Gearing up for the upcoming World Cup? PwC has just released a report that may give you some tips when placing your bets. Or, it may just confirm what you already suspected, albeit with some hard statistics and complicated verbiage.
The study identifies the strongest predictors of a country's success in the tournament—home court advantage and a strong soccer (or footie, depending on your country of origin) tradition—while culling out those that don't seem to matter much, namely, GDP and population size. Sorry, folks, the US doesn't stand a chance.
These findings should come as no surprise. GDP wouldn't really be a factor since soccer is one of the cheapest sports to play, requiring no equipment other than a round object. And, if you have a country steeped in and devoted to the soccer tradition, scores of children grow up striving to excel in the sport, rendering the search for talent effortless. And home court advantage—who needs a Big Four consulting firm to explain the merits of that?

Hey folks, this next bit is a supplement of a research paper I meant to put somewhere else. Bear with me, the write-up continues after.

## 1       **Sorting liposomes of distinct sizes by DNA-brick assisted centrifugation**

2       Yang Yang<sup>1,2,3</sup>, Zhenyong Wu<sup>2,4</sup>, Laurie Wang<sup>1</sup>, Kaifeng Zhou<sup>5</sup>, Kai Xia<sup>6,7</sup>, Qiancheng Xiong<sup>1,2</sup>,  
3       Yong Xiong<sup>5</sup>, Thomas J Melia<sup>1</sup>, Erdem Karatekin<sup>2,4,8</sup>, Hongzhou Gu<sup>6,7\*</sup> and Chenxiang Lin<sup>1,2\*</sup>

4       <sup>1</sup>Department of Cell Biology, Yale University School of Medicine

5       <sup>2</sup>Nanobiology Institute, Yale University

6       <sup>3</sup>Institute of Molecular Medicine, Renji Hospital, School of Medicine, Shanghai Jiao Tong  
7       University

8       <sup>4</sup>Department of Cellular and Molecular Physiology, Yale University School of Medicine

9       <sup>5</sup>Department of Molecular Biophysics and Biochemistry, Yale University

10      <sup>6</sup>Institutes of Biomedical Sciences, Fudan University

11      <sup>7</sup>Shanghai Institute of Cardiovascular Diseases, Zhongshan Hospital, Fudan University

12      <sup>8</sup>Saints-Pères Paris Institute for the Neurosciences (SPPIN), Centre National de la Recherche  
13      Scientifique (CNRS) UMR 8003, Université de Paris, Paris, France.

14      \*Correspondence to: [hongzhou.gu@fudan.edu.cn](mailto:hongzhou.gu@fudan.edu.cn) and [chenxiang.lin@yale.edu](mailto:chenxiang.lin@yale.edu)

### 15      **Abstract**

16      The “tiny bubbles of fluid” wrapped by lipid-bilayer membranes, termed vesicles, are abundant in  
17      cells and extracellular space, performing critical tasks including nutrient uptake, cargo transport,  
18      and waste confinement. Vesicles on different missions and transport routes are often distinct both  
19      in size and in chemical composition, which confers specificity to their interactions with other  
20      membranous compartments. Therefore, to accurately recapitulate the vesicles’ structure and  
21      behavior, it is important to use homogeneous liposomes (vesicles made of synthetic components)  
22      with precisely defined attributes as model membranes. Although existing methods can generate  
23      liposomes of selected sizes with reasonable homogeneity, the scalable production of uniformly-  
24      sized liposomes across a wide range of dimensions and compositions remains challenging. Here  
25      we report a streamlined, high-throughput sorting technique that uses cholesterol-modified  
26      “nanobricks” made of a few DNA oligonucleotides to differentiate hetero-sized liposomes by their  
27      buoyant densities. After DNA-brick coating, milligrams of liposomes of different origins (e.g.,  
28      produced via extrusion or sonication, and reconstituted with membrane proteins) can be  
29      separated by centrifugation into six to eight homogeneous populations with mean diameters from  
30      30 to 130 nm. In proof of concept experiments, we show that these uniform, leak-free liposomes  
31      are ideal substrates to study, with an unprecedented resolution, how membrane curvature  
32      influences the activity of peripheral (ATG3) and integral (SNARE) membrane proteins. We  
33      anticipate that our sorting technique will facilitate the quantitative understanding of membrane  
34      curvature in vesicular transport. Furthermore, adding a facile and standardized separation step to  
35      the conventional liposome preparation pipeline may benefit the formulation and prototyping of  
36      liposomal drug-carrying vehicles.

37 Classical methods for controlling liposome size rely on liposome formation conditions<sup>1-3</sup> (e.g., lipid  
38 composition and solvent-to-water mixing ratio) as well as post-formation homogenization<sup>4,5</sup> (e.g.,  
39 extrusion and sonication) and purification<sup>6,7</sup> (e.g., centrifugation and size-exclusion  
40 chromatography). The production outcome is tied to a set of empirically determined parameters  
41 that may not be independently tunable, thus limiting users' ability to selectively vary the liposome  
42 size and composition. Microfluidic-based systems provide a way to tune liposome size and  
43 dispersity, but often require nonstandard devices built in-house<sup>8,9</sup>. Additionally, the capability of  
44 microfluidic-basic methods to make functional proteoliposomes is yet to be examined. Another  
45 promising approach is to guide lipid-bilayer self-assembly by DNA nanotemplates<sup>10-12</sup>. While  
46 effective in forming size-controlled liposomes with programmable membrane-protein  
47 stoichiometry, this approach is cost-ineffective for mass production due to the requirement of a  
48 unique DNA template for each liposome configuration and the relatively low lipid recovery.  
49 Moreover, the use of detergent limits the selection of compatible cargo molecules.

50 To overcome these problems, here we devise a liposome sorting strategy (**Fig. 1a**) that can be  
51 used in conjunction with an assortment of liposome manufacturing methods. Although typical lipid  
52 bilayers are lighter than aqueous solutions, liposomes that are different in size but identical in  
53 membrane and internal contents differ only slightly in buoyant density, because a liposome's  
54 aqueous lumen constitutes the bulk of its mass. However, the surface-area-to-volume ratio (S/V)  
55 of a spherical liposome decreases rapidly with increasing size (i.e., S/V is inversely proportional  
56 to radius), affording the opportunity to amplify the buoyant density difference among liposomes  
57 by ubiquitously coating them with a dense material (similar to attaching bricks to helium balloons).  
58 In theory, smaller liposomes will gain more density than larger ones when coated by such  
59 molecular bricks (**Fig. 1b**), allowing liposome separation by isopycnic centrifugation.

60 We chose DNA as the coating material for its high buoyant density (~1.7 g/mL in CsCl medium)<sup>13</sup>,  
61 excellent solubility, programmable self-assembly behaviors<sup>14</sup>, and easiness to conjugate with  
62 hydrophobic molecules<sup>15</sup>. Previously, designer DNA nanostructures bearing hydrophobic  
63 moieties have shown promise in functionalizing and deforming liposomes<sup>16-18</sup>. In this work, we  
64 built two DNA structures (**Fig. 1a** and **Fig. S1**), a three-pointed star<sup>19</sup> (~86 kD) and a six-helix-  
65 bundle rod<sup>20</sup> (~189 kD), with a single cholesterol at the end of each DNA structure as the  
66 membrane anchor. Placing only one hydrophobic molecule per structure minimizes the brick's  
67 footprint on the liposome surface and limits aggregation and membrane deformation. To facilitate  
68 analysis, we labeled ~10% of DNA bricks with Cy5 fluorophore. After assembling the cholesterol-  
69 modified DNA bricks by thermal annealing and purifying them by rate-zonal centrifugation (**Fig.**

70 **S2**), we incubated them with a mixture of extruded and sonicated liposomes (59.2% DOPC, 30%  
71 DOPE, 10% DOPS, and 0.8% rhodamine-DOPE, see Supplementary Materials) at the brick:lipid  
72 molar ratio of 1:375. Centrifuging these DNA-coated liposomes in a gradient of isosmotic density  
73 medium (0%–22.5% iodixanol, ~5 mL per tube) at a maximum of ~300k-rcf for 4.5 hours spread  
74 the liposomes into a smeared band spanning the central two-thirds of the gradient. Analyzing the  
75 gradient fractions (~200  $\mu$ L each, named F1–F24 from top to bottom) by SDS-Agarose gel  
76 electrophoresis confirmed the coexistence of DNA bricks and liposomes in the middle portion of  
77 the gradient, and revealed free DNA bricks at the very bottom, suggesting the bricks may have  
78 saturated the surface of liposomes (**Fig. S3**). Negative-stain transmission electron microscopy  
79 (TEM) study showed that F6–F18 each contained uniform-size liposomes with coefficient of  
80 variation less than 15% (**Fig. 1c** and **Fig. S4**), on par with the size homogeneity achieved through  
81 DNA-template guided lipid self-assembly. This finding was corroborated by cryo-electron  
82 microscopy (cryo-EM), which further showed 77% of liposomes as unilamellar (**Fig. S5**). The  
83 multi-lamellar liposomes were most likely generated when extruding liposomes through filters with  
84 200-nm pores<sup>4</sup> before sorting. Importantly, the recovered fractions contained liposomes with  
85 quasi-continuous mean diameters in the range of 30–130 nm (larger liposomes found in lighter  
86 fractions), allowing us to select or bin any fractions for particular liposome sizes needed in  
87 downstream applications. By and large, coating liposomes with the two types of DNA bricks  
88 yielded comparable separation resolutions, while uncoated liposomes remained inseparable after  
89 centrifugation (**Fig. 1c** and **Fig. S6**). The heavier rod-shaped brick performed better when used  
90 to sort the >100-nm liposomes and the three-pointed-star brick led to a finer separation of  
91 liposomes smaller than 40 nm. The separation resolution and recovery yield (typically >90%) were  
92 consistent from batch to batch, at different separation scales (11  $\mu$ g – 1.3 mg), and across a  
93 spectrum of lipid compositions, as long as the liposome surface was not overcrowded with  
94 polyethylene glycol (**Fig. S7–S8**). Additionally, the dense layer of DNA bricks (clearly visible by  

Still, the accompanying statistics are mildly interesting for those who don't know the numbers offhand: The host nation has won six out of 18 world cups, and even when they didn't win, those teams performed well. European countries have only won the World Cup when it was played in Europe, while Latin American teams have won all of the World Cups held in America.
A soccer-savvy colleague has illuminated some more enlightening statistics on this year's tournament, rendering the PwC study even less insightful. "This year’s World Cup is veering into uncharted territory because it’s never been played anywhere in Africa before. (And only once outside Europe and the Americas—in Japan and Korea in 2002, when it was won by Brazil.) Additionally, no African team has ever made it beyond the quarter-final stage, so home continent advantage could be huge. Perhaps less so for the South African team itself, though: it faces an incredibly tough challenge just to get out of the opening group round against France, Mexico and Uruguay."*
So what does this all mean for this year's predictions? PwC pushes Brazil as the favorite, recalling its No. 1 ranking and its status as the only country that has won the tournament outside its home region.
Seems like a safe prediction to me. My analysis of PwC's study: DUH!
*Addendum from the same soccer-savvy colleague: a couple of quants at JP Morgan in London crunched the numbers and came out with a completely different—and much more unlikely—outcome: England to win. Is anyone surprised that quantitative modeling can seemingly be influenced to get the results you want to see?
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